Slow-moving Typhoon Koppu weakened after blowing ashore with fierce winds in the northeastern Philippines on Sunday, leaving at least one person dead and six others missing, while displacing 16,000 villagers, officials said.

A Filipino man scavenges recyclable materials near a house on stilts stands by the bay as strong winds and rains caused by Typhoon Koppu hit the coastal town of Navotas, north of Manila, Philippines Sunday, Oct. 18, 2015. The slow-moving typhoon blew ashore with fierce wind in the northeastern Philippines early Sunday, toppling trees and knocking out power and communications. (AP Photo/Aaron Favila)
Typhoon Koppu hit the coastal town of Navotas, north of Manila, Philippines Sunday, Oct. 18, 2015. (AP Photo/Aaron Favila)

Army troops and police were deployed to rescue residents trapped in flooded villages in the hard-hit provinces of Aurora, where the typhoon blew ashore early Sunday, and Nueva Ecija, a nearby rice-growing province where floodwaters swamped farmlands at harvest time, officials said.

After slamming into Aurora’s Casiguran town after midnight Saturday, the typhoon weakened and slowed considerably, hemmed in by the Sierra Madre mountain range and a high pressure area in the country’s north and another typhoon far out in the Pacific in the east, government forecaster Gladys Saludes said.

Howling winds knocked down trees and electric posts, leaving nine entire provinces without power while floods and small landslides made 25 roads and bridges impassable. Authorities suspended dozens of flights and sea voyages due to the stormy weather, and many cities canceled classes on Monday.

By Sunday afternoon, the typhoon had veered toward the north from its westward course and was tracked over mountainous Nueva Vizcaya province with sustained winds of 150 kilometers (93 miles) per hour and gusts of up to 185 kph (115 mph), according to the government’s weather agency.

Satellite images show that the typhoon appeared to be losing its eye, a sign of its dissipating strength, acting weather bureau chief Esperanza Cayanan told reporters, adding that Koppu was forecast to move at a slow pace of 5 kph (3 mph) across the north before exiting the main northern island of Luzon on Wednesday.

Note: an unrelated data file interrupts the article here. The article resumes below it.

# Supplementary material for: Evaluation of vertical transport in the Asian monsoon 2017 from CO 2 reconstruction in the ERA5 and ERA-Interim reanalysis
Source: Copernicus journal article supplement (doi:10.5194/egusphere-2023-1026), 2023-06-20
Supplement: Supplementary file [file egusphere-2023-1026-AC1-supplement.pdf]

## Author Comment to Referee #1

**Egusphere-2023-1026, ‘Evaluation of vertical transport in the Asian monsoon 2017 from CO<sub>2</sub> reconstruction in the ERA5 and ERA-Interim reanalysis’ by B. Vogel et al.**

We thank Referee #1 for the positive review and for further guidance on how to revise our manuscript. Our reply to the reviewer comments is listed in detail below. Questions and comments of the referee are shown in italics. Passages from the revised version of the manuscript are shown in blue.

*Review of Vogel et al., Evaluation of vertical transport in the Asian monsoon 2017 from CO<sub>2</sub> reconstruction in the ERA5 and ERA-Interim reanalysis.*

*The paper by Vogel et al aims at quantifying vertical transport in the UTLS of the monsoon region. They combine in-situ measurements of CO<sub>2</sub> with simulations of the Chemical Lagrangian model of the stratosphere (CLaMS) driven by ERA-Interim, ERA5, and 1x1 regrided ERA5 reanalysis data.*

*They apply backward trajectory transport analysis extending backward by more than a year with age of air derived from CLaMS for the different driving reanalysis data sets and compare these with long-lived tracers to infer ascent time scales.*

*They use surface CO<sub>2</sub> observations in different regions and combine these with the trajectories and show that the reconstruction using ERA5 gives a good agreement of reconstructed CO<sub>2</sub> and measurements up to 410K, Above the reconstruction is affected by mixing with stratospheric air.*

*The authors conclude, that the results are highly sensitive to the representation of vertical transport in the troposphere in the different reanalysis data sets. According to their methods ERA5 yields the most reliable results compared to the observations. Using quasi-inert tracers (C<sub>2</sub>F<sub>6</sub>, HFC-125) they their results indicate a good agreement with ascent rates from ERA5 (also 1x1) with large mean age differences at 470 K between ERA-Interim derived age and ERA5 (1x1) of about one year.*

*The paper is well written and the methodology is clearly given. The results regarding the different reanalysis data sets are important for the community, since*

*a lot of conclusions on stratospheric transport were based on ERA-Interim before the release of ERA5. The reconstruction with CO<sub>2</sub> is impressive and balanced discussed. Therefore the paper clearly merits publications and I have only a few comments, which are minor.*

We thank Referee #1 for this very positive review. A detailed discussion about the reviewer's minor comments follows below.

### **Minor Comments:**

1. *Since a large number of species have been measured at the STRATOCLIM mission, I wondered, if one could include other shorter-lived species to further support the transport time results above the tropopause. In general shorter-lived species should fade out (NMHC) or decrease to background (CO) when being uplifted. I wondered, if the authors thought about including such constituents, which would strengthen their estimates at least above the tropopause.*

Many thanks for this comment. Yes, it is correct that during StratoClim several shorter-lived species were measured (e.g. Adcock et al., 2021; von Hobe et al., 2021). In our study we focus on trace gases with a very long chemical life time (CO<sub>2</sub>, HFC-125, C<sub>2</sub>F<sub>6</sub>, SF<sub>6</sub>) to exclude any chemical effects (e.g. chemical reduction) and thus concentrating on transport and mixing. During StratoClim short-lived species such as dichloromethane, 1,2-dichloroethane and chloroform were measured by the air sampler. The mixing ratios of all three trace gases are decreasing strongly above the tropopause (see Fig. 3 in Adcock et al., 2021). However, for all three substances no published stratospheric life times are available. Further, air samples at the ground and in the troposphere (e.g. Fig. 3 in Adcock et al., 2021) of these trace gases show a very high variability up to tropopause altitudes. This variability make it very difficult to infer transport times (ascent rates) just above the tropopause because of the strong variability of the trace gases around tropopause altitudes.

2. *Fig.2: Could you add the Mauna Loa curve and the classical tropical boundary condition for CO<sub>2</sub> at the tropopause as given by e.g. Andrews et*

While weather had begun to improve in some towns, and villagers had started to clear roads of fallen trees and debris, Koppu was still packing a ferocity that could set off landslides and flash floods, officials said.

“There’s still danger,” Cayanan said. “We shouldn’t be complacent.”

A teenager was pinned to death on Sunday by a fallen tree, which also injured four people and damaged three houses in suburban Quezon city in the Manila metropolis.

A man was electrocuted in northern Tarlac province and two bodies were seen being swept by floodwaters in Nueva Ecija, but authorities were trying to determine whether those were typhoon-related deaths.

Three fishermen were reported missing in northern Bataan province, along with three other men in Aurora’s Baler town, according to the Office of Civil Defense.

President Benigno Aquino III and disaster-response agencies have warned that Koppu’s rain and winds may potentially bring more damage with its slow speed. But Saludes, the government forecaster, said there was less heavy rain than expected initially in some areas, including in Manila, but fierce winds lashed many regions.

A wayward barge carrying coal and 10 crew drifted dangerously close to a breakwater and marina in Manila Bay. A tugboat positioned to prevent the barge from drifting away.

Forecasters said the typhoon had a cloud band of 600 kilometers (372 miles) and could dump rain over much of Luzon.

Koppu, Japanese for “cup,” is the 12th storm to hit the Philippines this year. An average of 20 storms and typhoon each year batter the archipelago, one of the world’s most disaster-prone countries

In 2013, Typhoon Haiyan, one of the most ferocious storms on record to hit land, barreled through the central Philippines, leveling entire towns and leaving more than 7,300 people dead or missing.

(Associated Press writer Oliver Teves contributed to this report.)

Separately, in an announcement on Friday prior to the storm hitting Northeastern Philippines, catastrophe modeling firem AIR Worldwide noted that insurance penetration is typically no more than 10 percent to 20 percent in the area of expected damage. So insured losses were not expected to be significant as a result of this event.

Topics Catastrophe Natural Disasters Flood